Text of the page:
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Doctors take all tests as patients want 100% results: Dr Sangeeta Pikale

Tuesday, 1 July 2014 - 6:30am IST | Agency: dna
Addressing a function of the Association of Medical Consultants (AMC) on Sunday, health minister Suresh Shetty said doctors would become a hated lot as greed for money is leading to patients being overcharged and he hoped that they would stop unethical practices. On the eve of Doctors' Day, which is observed on July 1, dna talked to Dr Sangeeta Pikale, president of AMC, on the minister's remarks and other related matters.
  • Dr Sangeeta Pikale

What do you have to say on Suresh Shetty's remakrs?
I would not like to comment on the minister's statement. AMC has endorsed ethical, scientific practices and has stood against the cut practice. We are the only doctors association that has set quality standards for nursing homes. Today, a doctor wanting to have a nursing home requires so many licences, like a nursing home license, a fire NOC, PCPDNT licence, shops and establishments licence, and so on. Just one mistake and the doctor will be pulled up. The bad apples should be punished, but not at the expense of good doctors.

Do you think the doctor-patient relationship has been affected and that patients don't trust doctors anymore?
Each day, millions of lives are saved by doctors conducting surgeries. It might be one uneventful incident that is highlighted in the media for which the entire doctor community is blamed. This is creating paranoia among patients. Corruption is prevalent in every section of the society. Why blame doctors alone?

Do you agree that healthcare is getting costlier and the medical profession has turned into a business?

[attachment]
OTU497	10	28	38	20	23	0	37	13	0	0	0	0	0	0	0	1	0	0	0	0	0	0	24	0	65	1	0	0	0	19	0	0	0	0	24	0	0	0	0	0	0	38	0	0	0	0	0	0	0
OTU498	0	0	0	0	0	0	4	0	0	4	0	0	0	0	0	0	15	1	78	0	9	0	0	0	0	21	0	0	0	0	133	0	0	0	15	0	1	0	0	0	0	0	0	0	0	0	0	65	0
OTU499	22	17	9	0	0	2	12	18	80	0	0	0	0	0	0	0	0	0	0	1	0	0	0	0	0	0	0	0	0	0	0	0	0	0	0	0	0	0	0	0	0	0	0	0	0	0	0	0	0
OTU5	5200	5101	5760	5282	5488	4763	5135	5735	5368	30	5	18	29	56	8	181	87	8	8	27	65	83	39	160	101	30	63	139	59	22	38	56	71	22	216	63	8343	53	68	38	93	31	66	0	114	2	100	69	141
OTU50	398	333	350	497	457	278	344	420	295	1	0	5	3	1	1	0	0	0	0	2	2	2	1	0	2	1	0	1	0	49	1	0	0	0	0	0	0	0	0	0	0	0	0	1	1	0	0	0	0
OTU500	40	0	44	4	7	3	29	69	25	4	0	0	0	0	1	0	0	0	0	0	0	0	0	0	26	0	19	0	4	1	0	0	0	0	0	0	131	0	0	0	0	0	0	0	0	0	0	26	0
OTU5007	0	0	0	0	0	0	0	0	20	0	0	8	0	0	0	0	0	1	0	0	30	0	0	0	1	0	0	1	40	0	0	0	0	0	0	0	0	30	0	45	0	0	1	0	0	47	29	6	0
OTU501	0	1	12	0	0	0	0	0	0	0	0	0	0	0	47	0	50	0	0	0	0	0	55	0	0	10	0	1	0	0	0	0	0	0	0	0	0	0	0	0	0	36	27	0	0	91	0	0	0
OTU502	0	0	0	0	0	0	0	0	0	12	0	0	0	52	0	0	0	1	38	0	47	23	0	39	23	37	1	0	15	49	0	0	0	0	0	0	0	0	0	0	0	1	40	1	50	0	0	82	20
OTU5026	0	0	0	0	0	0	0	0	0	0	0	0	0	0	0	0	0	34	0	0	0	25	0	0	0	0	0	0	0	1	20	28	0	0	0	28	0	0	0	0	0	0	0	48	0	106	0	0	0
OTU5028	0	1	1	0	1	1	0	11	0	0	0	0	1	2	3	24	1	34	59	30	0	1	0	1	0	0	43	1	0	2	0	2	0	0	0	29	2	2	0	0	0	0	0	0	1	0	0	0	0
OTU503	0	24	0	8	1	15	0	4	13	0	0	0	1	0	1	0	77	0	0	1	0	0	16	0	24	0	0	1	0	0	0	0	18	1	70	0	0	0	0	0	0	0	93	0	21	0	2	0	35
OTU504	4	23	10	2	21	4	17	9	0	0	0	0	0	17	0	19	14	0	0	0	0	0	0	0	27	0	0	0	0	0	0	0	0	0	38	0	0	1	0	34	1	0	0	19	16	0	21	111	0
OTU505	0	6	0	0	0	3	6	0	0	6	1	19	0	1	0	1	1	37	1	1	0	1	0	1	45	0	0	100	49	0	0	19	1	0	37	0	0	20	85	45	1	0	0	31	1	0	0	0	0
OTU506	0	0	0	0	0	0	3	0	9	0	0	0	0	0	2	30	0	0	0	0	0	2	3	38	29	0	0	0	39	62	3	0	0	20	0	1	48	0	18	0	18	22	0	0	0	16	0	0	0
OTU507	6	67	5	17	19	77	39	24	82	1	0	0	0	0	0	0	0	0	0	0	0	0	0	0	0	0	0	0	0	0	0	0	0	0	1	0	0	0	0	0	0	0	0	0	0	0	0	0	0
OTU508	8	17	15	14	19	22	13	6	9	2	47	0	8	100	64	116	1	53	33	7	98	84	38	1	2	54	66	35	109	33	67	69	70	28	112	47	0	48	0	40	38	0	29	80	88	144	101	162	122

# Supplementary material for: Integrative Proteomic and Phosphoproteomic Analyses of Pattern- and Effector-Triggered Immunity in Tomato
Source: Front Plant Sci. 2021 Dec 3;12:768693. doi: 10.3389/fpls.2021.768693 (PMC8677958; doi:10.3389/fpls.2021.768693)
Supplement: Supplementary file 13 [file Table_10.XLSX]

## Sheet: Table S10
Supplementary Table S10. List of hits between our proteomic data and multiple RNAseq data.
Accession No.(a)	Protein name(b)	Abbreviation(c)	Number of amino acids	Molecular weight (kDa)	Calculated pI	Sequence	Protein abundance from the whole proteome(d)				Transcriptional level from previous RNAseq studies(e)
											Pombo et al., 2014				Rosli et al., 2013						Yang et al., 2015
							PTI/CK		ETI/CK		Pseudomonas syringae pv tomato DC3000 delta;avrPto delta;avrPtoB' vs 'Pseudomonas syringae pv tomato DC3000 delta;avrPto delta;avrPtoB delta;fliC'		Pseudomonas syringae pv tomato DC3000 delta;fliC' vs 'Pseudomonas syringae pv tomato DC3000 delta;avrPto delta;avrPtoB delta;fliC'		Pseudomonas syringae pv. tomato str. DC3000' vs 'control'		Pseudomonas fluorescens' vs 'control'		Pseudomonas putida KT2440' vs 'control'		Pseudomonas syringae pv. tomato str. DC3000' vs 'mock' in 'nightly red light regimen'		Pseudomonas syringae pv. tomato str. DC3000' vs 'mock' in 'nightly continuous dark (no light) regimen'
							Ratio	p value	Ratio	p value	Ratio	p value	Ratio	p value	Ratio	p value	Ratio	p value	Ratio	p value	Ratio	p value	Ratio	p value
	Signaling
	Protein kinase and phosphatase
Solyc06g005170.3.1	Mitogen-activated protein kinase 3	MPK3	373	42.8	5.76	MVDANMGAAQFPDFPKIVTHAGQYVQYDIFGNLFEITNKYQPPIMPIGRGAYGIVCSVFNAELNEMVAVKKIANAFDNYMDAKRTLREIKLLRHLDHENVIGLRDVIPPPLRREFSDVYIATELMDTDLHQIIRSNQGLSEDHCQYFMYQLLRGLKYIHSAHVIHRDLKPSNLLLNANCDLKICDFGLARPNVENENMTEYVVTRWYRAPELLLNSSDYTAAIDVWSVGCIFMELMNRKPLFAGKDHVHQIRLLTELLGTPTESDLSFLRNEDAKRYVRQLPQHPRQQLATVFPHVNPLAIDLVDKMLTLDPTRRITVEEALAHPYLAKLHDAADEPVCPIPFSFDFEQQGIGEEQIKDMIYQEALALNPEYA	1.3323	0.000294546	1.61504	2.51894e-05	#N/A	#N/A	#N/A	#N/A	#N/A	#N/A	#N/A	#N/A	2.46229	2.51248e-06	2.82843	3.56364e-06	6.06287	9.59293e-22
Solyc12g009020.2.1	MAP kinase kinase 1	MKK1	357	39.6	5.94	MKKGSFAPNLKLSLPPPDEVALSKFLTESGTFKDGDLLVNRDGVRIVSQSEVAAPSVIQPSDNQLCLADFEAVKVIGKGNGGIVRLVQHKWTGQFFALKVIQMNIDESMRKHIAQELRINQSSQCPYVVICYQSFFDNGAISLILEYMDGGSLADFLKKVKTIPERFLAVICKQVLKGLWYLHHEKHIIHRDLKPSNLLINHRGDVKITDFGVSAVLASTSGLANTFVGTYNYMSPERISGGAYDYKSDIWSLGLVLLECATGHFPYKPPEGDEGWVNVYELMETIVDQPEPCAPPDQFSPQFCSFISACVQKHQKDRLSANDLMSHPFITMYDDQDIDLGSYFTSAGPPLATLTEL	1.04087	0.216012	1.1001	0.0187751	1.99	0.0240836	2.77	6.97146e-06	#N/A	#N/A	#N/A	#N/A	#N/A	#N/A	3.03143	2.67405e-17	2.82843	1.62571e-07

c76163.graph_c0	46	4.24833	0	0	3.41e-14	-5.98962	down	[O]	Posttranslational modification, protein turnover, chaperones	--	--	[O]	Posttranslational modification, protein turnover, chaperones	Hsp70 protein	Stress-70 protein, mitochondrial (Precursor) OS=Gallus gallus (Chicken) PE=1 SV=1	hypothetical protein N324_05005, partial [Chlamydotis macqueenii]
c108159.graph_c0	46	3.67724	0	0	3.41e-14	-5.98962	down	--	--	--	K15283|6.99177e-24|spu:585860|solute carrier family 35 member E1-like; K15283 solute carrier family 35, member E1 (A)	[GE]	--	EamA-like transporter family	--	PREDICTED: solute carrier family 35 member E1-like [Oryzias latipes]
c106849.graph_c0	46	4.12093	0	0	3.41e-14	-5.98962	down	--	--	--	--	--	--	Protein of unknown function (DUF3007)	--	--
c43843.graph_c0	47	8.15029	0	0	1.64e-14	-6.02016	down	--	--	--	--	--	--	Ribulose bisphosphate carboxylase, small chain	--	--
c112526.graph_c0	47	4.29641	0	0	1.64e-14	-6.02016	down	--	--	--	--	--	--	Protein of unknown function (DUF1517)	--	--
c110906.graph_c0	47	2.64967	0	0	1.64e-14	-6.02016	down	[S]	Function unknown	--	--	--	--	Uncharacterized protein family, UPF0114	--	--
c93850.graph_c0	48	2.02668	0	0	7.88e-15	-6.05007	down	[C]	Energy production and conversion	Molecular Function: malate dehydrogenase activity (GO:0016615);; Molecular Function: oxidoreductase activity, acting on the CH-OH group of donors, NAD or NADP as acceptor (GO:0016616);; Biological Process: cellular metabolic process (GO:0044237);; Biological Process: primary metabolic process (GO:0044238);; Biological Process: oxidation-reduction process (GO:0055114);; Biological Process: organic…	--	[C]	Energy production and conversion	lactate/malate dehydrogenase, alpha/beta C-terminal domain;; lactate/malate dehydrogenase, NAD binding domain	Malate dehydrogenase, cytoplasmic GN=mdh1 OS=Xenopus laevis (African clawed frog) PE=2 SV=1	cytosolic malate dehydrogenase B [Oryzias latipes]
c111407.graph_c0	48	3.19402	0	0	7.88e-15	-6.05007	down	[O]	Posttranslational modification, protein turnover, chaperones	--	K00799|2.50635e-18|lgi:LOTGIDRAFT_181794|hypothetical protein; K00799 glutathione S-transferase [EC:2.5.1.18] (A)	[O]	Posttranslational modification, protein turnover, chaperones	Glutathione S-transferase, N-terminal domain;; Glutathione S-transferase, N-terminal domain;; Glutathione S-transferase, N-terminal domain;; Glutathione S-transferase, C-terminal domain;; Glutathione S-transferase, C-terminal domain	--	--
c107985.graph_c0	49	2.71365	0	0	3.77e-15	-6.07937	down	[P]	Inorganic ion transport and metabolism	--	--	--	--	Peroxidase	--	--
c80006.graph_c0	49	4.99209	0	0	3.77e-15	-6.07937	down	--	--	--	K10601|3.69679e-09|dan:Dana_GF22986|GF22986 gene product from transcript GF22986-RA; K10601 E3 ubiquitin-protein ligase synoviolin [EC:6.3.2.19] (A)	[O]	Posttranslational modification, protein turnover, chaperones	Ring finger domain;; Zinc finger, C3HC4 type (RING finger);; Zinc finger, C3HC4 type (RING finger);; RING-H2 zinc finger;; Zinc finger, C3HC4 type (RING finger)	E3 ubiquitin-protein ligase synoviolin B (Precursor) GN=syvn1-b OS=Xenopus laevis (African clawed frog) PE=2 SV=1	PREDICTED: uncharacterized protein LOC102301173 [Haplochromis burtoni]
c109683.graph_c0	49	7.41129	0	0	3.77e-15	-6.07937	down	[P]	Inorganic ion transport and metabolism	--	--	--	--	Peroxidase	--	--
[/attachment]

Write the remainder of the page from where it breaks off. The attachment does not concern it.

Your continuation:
There are many factors that are leading to healthcare becoming costlier. The public at large and the government have caused doctors to get into commercialisation of medicine. Today, the patient wants 100 per cent results which leads the doctor to get all possible tests done. This has contributed to a rise in the cost. Also, nursing homes are not encouraged by the government which has strict rules and regulations. Procedures in nursing homes are cheaper than corporate hospitals. But nursing homes are shutting down as doctors are unable to cope with the government's demands and as a result corporate hospitals are flourishing.

Is cut practice the main cause for the deterioration of the doctor-patient relationship?
Why focus on the medical fraternity in isolation? This practice has been going on in our society for a long time. I've been in this profession for more than 25 years and I have never given or taken any cuts. As an association we have encouraged ethical medical practices. When Dr HS Bawaskar, a physician, filed a complaint with the Maharashtra Medical Council (MMC) against a private diagnostic laboratory offering commissions to refer patients, the fraternity supported him and MMC took appropriate action.




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